In the months before he decided to run for president, Michael Bloomberg swore he wouldn’t take the plunge. Over and over, he told friends there was no place for him in the Democratic Party.
He might have been right, to judge from the beating he took in Las Vegas. His first debate was the night he dreaded and while his race for the nomination isn’t DOA, the road to victory just got a lot tougher.
His record and notorious past comments were easy pickings, and his rivals repeatedly aimed their fire at his billions, turning his wealth into a crime against humanity. Sometimes they misfired, but mostly they struck gold with their broadsides.
The audience ate it up, and Bloomy must have felt like the turkey in a turkey shoot.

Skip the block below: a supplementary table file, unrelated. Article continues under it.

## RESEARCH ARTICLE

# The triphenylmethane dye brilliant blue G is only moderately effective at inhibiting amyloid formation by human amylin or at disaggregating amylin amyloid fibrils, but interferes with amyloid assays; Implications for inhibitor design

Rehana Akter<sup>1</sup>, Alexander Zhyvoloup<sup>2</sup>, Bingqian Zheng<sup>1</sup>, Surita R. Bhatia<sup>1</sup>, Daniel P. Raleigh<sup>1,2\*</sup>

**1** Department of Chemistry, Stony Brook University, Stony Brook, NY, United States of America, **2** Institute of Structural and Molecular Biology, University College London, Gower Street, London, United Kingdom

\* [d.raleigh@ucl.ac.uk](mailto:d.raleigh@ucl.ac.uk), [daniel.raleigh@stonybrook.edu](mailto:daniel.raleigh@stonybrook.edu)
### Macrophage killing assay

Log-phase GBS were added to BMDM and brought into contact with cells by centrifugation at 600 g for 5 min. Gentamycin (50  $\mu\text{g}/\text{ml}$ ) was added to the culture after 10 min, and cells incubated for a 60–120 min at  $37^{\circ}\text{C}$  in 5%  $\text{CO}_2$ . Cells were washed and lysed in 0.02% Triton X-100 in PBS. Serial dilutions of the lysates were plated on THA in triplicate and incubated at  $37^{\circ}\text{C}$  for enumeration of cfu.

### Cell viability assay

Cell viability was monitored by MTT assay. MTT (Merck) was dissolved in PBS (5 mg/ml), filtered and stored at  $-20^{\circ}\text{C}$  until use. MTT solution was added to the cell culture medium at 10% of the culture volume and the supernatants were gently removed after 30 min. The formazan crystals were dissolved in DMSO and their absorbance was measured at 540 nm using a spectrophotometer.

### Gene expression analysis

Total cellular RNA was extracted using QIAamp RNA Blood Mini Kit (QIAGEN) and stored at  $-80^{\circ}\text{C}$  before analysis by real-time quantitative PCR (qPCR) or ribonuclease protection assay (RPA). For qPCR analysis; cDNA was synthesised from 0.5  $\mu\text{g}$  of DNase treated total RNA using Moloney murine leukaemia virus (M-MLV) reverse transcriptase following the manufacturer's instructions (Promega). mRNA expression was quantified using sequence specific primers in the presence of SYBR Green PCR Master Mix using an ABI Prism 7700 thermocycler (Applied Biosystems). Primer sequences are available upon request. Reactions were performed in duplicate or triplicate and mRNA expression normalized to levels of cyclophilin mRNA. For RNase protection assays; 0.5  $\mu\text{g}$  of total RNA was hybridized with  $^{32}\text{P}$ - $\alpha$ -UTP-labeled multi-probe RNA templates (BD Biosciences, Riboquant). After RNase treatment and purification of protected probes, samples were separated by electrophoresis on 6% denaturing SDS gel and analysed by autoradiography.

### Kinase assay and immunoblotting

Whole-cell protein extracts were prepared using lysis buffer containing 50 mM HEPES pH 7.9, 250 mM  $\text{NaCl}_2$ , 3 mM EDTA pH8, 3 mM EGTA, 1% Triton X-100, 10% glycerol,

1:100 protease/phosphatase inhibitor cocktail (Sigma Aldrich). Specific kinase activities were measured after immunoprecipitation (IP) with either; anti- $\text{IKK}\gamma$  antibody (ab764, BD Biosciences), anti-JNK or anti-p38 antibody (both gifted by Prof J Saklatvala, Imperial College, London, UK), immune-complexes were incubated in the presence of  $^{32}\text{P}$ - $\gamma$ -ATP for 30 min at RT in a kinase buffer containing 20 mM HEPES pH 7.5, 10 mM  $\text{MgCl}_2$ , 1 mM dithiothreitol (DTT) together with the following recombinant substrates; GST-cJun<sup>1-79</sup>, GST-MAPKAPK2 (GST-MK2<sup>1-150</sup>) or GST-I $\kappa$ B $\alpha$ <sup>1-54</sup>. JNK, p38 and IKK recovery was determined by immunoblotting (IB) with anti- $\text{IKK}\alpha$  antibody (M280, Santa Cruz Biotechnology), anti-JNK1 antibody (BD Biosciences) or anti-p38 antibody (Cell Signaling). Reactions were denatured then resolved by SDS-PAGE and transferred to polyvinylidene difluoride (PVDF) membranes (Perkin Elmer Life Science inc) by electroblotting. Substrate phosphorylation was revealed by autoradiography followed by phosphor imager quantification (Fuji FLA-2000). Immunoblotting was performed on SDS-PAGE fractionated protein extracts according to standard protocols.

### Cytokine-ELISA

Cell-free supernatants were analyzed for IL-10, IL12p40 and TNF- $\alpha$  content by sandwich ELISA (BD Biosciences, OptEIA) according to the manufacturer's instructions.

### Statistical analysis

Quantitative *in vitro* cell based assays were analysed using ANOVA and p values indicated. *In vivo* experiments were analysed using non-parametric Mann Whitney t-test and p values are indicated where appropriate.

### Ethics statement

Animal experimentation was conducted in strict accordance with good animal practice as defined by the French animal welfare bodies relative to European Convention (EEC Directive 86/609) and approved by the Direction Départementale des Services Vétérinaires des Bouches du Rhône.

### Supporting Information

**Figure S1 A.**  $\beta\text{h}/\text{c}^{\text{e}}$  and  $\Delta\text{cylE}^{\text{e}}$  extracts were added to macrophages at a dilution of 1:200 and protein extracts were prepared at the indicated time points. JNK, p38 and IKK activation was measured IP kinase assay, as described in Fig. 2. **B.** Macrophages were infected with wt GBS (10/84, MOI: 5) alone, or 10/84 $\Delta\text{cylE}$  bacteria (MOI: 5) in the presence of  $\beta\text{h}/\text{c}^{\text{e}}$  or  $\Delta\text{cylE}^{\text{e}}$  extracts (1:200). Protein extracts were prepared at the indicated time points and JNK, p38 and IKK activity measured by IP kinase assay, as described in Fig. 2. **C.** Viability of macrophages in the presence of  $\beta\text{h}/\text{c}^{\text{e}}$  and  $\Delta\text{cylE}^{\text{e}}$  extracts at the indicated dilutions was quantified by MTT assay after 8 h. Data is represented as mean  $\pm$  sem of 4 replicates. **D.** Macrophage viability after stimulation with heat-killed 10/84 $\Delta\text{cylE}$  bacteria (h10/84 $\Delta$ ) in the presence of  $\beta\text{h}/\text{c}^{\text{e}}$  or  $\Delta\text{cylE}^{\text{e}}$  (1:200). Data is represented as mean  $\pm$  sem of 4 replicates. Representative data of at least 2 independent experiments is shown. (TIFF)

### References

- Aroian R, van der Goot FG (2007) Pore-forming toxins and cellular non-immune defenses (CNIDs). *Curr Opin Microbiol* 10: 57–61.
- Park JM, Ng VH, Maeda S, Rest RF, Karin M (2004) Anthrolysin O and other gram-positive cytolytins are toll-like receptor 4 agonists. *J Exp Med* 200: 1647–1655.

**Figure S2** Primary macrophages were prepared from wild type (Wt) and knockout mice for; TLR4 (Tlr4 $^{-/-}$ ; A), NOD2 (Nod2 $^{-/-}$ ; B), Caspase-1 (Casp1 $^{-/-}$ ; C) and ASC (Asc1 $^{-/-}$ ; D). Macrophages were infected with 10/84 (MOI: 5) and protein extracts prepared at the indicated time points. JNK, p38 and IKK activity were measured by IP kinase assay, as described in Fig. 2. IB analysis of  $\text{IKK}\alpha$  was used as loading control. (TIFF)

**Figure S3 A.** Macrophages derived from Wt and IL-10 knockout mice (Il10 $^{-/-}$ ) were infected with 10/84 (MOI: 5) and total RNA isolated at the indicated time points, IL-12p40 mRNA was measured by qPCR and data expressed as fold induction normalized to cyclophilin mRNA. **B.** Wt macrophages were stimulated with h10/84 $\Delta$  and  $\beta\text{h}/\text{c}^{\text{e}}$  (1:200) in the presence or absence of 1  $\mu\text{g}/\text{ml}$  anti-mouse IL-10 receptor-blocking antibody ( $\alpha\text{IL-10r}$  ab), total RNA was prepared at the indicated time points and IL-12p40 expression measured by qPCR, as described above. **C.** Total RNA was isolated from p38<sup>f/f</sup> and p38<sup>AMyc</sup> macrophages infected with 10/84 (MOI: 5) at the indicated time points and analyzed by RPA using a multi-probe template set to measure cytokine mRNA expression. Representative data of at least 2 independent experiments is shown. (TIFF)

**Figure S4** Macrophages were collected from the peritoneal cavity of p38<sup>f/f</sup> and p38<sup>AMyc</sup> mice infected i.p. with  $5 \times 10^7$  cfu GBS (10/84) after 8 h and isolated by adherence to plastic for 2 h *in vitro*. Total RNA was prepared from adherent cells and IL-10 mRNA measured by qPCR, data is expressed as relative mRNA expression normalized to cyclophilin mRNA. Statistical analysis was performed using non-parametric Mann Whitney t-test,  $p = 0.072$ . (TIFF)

The most devastating blow was Sen. Elizabeth Warren’s demand that he release women from the nondisclosure agreements they signed after complaining about sexual harassment or other issues at his Wall Street firm. Usually self-assured to the point of cockiness, Bloomy looked like a deer in the headlights, frozen with a mix of indecision and embarrassment.
Eventually he said no, he would not release the women and let them talk, but by then he had lost the argument. Joe Biden then piled on for good measure.
That’s not to suggest Bloomberg is completely finished. The heart of his case — that having Sanders as the nominee will hand Donald Trump four more years — cannot be dismissed and will still ring true for a lot of Democrats.